On the contrary, the interior of Oman was extremely isolated from the rest of the world for very long. It is therefore not surprising that the designs used on pieces of jewellery from Nizwa and Bahla are more primitive and unique than those on silver items from the coastal regions. What is surprising, however, is that these unique Omani designs are found also in Cyprus and early Roman Etruscia. They were brought there by the soldiers of the armies of Alexander the Great and his general Nearchos, who visited the region during their conquest of the Middle and Far East.

Some of the designs that are used are known throughout the Arab world and are meaningful to the owners.
A circular design indicates unity and eternity and is often used in jewellery from Sur, while a spiral denotes progress. A triangle signifies the spirit. The ubiquitous fish design is a symbol of fertility and reproduction, while various hand-shapes promise protection. The hand of Fatima, the daughter of the prophet Mohammed, (the hijab) occurs very often, sometimes with the extra decoration of a snake or an eye. Sometimes these hands have five fingers signifying the five pillars of Islam. Others are more stylised and have either 2 or 8 fingers, or have been reduced to small ovals or even diamond shaped trinkets.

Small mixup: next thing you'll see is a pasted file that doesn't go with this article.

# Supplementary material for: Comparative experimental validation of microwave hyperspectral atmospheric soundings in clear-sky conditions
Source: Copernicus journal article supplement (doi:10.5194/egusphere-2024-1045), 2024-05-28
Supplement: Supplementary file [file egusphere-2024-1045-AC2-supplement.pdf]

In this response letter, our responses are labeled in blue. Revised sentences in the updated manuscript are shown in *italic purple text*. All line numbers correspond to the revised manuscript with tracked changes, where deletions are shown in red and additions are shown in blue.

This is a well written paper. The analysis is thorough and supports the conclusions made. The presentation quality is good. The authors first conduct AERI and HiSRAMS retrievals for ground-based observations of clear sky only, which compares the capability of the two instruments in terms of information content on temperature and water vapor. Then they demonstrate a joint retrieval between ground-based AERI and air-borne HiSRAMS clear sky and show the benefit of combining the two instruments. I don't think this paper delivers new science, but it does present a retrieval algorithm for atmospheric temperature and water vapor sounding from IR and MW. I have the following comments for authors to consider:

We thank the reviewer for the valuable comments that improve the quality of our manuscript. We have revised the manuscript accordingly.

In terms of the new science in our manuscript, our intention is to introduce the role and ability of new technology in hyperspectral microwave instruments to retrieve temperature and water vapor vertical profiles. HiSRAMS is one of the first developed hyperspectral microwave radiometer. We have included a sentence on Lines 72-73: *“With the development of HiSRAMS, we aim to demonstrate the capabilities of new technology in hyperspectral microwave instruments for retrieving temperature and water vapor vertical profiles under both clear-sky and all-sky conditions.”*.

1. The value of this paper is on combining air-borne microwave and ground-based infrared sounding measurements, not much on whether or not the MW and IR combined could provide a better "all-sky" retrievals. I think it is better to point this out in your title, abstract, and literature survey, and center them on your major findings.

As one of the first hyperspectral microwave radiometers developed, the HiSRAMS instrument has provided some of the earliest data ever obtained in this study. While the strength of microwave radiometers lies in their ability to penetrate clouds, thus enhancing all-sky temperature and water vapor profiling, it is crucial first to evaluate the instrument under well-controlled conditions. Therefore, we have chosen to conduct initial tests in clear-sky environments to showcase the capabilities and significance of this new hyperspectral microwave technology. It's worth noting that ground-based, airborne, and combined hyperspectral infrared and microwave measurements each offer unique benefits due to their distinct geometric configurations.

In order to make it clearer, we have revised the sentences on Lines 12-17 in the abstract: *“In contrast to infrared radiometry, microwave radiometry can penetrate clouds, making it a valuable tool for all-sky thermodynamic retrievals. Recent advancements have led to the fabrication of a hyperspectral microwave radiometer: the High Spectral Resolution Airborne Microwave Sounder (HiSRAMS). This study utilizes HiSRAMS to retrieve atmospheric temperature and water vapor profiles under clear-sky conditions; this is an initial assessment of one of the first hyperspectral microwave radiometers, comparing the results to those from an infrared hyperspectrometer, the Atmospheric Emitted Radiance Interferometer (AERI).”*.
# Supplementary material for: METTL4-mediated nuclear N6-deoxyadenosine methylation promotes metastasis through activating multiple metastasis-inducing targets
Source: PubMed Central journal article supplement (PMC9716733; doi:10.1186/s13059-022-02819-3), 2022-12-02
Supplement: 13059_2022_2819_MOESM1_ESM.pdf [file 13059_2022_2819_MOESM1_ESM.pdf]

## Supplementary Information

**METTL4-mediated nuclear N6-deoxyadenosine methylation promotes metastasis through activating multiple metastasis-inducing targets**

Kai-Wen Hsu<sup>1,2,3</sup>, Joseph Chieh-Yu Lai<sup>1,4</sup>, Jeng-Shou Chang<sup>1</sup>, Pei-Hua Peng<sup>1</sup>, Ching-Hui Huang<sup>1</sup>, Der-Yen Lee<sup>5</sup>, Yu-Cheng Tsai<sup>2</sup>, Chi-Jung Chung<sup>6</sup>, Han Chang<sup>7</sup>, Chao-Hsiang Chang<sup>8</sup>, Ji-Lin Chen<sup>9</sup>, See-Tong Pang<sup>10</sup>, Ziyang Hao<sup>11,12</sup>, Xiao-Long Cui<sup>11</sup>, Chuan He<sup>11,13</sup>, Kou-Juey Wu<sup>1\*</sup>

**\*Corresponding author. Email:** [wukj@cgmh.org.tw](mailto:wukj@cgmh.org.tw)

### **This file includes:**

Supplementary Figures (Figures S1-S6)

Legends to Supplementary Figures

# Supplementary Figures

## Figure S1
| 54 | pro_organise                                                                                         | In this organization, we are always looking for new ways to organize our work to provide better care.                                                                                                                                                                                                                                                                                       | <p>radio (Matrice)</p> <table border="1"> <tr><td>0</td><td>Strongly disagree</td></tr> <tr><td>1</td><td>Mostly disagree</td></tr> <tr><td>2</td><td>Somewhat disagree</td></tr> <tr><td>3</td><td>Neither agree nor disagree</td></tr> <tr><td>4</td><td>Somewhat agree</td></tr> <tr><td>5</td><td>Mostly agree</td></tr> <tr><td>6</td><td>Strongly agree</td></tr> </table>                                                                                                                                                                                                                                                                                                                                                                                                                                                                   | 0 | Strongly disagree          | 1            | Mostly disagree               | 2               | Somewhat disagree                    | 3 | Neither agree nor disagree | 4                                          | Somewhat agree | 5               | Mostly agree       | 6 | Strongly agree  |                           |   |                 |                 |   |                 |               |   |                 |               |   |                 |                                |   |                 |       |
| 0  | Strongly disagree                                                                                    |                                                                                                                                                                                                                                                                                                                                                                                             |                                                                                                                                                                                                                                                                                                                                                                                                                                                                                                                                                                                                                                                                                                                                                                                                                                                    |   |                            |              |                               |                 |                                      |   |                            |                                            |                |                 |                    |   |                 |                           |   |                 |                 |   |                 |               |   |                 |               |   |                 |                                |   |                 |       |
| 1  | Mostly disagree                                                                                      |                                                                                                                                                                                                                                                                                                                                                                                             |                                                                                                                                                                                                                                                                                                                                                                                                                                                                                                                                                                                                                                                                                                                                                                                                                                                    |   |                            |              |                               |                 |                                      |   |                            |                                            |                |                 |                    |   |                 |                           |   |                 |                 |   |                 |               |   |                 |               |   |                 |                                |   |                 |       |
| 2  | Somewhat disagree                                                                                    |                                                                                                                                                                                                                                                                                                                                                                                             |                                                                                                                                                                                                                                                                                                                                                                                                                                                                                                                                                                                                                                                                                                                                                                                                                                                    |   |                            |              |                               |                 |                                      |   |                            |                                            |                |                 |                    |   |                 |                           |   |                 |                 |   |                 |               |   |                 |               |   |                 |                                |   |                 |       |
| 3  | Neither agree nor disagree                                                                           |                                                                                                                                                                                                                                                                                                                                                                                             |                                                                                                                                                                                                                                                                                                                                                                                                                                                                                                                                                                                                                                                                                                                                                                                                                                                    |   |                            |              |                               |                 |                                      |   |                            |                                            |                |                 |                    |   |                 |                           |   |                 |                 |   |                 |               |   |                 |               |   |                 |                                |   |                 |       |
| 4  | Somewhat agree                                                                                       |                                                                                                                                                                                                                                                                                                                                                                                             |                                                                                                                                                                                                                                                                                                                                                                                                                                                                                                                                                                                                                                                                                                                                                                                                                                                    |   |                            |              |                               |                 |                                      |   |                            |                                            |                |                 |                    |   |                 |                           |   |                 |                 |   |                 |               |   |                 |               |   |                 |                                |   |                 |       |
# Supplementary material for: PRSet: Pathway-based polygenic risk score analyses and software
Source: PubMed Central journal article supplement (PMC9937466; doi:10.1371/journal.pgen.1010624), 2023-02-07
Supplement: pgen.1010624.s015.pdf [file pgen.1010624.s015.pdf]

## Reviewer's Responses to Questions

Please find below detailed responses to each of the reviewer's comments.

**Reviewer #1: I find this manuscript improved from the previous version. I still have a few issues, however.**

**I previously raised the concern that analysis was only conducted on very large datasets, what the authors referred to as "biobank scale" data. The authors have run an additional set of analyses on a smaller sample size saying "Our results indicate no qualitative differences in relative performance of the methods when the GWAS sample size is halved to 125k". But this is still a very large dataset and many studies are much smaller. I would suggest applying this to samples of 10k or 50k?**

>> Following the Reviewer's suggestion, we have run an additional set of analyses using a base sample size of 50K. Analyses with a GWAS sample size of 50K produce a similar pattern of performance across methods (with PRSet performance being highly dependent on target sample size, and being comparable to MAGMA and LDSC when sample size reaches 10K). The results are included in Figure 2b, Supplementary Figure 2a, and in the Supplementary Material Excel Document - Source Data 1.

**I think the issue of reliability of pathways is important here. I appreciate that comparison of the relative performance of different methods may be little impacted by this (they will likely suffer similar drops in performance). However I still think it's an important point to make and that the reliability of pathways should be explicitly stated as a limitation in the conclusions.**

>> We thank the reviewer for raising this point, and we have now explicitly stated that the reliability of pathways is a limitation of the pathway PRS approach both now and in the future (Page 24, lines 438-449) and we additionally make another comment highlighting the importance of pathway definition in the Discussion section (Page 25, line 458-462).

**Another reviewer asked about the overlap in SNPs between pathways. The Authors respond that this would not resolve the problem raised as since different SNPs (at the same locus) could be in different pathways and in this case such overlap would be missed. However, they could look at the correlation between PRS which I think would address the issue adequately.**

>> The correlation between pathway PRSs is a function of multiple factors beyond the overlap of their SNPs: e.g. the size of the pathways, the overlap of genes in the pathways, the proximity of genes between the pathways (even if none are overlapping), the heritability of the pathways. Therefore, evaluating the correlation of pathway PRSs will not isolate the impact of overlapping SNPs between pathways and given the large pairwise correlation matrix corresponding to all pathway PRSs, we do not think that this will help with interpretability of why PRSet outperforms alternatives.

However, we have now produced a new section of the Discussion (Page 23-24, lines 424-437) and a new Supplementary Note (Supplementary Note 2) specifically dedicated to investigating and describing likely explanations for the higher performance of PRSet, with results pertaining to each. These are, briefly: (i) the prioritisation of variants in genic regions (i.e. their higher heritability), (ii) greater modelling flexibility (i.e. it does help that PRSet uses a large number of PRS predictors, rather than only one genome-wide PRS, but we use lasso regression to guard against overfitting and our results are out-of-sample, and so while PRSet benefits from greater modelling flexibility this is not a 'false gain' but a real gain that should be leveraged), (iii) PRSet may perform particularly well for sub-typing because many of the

Nizwa in the interior of Oman has long been famous for the work of its silver smiths. Both jewellery and the silver decorations for the scabbard of the famous curved khanjar dagger were made here. The latter is mostly decorated with geometrical and floral patterns, and ideally has 7 rings, of which 2 are meant as belt holders. The belt itself is also an intricate piece of work, made with silver thread. Nizwa is famous for its geometrical designs and for the heavy anklets (hajil) that are made here and in Rustaq.
Items from these areas rarely use set stones as decoration. This is done more often in places along the Batinah coast, and in Muscat and Muttrah. As stones both real and fake coral are used, also cornelian, turquoise and lapis lazuli as well as glass, and sometimes plastic or even bicycle light reflectors! Some jewellery uses seedpods, pieces of wood and bones, and other natural products as decorations. These pieces are generally considered to be more primitive.

Other towns also produced distinctive articles. Each had their different designs and patterns.